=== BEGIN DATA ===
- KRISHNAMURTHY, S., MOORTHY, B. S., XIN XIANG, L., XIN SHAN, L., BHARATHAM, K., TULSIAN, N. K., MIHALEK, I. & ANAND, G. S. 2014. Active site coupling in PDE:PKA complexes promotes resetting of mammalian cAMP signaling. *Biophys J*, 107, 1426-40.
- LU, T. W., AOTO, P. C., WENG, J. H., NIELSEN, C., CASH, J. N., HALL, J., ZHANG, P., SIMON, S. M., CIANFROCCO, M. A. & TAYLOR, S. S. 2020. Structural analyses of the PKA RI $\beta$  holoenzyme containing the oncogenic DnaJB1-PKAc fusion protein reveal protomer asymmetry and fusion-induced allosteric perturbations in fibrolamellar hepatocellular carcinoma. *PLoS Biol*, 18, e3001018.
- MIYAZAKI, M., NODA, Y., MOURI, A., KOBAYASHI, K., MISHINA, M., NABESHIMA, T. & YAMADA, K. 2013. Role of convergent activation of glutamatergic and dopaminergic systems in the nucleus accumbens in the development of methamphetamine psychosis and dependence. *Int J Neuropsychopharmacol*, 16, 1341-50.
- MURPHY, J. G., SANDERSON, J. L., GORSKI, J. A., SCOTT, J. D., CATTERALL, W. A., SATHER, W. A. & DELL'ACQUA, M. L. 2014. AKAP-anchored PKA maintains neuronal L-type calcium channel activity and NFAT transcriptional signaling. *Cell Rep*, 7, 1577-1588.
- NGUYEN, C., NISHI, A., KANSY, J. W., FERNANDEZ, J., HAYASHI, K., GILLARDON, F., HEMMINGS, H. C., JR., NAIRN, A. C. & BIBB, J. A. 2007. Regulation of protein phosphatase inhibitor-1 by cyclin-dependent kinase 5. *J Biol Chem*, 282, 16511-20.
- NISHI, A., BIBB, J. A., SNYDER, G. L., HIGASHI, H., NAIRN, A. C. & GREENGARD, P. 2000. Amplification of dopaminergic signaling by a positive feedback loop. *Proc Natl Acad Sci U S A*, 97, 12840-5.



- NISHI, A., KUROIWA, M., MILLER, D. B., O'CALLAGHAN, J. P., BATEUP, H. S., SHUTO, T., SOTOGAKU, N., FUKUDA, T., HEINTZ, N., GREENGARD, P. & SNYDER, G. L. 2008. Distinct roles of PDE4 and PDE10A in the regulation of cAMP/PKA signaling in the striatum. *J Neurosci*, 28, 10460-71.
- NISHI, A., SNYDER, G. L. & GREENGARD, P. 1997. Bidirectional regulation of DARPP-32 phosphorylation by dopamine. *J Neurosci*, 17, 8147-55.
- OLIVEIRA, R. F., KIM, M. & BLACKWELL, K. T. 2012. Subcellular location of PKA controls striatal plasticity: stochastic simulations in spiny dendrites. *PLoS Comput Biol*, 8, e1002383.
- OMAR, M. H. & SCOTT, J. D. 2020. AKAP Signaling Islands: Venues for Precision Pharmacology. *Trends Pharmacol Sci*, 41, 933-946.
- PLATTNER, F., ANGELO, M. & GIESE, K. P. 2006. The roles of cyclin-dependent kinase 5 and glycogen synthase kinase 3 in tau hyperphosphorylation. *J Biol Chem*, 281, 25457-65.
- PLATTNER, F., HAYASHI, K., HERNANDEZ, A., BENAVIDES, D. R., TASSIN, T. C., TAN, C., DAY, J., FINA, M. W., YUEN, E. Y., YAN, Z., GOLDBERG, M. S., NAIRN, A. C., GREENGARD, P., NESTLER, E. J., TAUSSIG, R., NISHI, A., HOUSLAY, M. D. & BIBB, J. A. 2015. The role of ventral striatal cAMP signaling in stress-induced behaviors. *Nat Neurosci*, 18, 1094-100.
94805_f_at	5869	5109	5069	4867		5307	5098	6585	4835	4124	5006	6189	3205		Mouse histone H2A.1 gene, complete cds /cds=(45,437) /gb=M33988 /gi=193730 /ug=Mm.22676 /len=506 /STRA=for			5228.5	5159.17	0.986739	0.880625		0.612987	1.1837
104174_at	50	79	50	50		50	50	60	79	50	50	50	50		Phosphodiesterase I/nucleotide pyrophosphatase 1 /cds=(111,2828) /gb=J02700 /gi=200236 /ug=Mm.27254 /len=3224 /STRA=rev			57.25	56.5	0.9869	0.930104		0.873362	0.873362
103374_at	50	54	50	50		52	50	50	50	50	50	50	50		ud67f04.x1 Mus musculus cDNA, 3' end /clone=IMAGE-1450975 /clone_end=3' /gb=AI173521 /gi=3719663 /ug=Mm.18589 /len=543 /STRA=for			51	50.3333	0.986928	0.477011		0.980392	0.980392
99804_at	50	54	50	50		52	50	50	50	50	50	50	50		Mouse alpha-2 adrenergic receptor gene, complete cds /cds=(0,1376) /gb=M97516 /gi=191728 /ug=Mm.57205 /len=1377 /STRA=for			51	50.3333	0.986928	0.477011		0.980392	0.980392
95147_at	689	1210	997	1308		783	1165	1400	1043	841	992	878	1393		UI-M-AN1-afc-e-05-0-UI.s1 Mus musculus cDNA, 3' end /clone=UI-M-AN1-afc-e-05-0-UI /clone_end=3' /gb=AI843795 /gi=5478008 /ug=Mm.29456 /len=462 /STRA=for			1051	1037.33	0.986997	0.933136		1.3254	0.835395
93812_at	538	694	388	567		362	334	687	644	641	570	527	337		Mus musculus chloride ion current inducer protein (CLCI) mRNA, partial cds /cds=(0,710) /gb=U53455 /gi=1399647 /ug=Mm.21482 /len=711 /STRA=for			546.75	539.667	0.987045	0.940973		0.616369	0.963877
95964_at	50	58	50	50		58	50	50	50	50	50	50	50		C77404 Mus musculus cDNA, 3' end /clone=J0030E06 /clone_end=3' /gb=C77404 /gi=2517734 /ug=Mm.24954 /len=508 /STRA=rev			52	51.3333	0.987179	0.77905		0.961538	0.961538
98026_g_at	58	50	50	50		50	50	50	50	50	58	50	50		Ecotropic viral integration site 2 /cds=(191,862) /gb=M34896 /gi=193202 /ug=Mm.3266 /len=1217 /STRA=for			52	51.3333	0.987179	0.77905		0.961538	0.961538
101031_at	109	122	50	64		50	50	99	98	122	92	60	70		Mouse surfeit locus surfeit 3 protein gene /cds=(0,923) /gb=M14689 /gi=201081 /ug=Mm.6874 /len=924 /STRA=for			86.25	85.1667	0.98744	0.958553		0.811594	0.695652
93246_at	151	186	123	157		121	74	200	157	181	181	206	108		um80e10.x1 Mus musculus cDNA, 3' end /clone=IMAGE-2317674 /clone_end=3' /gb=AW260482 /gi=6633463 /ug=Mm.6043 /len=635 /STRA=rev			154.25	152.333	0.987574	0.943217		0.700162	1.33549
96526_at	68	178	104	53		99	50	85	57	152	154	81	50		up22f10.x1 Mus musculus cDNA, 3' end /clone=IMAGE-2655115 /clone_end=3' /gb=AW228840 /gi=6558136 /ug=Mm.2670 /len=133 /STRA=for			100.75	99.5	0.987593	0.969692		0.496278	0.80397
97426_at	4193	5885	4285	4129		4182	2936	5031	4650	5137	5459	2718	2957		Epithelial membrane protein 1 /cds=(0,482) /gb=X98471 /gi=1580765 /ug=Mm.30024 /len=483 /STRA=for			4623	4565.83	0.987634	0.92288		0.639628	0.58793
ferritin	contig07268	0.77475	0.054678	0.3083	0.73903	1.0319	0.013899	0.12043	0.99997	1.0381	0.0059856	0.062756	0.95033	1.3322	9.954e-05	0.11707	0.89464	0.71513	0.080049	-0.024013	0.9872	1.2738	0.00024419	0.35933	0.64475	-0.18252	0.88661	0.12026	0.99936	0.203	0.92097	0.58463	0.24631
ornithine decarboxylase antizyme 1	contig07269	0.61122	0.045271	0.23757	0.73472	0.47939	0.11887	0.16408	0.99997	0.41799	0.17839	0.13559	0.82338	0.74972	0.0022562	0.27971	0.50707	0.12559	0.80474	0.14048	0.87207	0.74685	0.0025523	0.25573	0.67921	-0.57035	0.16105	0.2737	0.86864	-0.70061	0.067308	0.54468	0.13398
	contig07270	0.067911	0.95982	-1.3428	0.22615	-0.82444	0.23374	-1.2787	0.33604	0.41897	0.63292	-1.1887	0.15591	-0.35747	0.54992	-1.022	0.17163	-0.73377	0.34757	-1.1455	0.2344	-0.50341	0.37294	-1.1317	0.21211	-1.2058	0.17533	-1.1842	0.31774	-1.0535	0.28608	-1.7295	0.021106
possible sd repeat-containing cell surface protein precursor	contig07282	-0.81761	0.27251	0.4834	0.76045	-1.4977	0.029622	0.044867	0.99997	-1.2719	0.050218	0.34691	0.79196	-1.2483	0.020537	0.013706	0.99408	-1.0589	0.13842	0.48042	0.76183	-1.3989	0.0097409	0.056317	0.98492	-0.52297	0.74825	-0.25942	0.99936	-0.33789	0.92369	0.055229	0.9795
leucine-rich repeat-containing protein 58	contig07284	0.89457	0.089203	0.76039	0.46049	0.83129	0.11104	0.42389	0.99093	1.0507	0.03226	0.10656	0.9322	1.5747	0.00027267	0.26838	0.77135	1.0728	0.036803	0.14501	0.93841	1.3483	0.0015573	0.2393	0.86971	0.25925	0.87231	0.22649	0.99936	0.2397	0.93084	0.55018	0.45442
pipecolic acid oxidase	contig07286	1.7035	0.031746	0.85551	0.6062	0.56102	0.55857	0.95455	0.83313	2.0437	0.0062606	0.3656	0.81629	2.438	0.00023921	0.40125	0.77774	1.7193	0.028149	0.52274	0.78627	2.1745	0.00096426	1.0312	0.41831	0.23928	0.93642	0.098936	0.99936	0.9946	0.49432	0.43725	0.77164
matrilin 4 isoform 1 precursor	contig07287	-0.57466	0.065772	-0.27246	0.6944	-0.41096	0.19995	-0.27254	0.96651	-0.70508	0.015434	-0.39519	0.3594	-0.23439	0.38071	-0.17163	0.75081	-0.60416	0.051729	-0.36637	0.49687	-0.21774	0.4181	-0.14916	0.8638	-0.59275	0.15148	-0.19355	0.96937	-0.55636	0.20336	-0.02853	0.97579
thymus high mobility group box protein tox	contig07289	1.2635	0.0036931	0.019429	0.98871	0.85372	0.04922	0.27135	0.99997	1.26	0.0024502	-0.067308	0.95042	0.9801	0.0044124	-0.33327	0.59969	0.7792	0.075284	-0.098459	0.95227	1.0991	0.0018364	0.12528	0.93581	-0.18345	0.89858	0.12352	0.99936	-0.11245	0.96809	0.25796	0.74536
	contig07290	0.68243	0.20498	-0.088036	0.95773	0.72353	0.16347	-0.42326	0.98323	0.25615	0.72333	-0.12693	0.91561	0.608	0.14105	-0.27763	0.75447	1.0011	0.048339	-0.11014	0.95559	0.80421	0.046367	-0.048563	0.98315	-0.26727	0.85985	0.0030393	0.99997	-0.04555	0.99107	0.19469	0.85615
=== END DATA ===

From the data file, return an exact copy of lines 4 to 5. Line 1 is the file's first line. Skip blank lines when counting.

- MURPHY, J. G., SANDERSON, J. L., GORSKI, J. A., SCOTT, J. D., CATTERALL, W. A., SATHER, W. A. & DELL'ACQUA, M. L. 2014. AKAP-anchored PKA maintains neuronal L-type calcium channel activity and NFAT transcriptional signaling. *Cell Rep*, 7, 1577-1588.
- NGUYEN, C., NISHI, A., KANSY, J. W., FERNANDEZ, J., HAYASHI, K., GILLARDON, F., HEMMINGS, H. C., JR., NAIRN, A. C. & BIBB, J. A. 2007. Regulation of protein phosphatase inhibitor-1 by cyclin-dependent kinase 5. *J Biol Chem*, 282, 16511-20.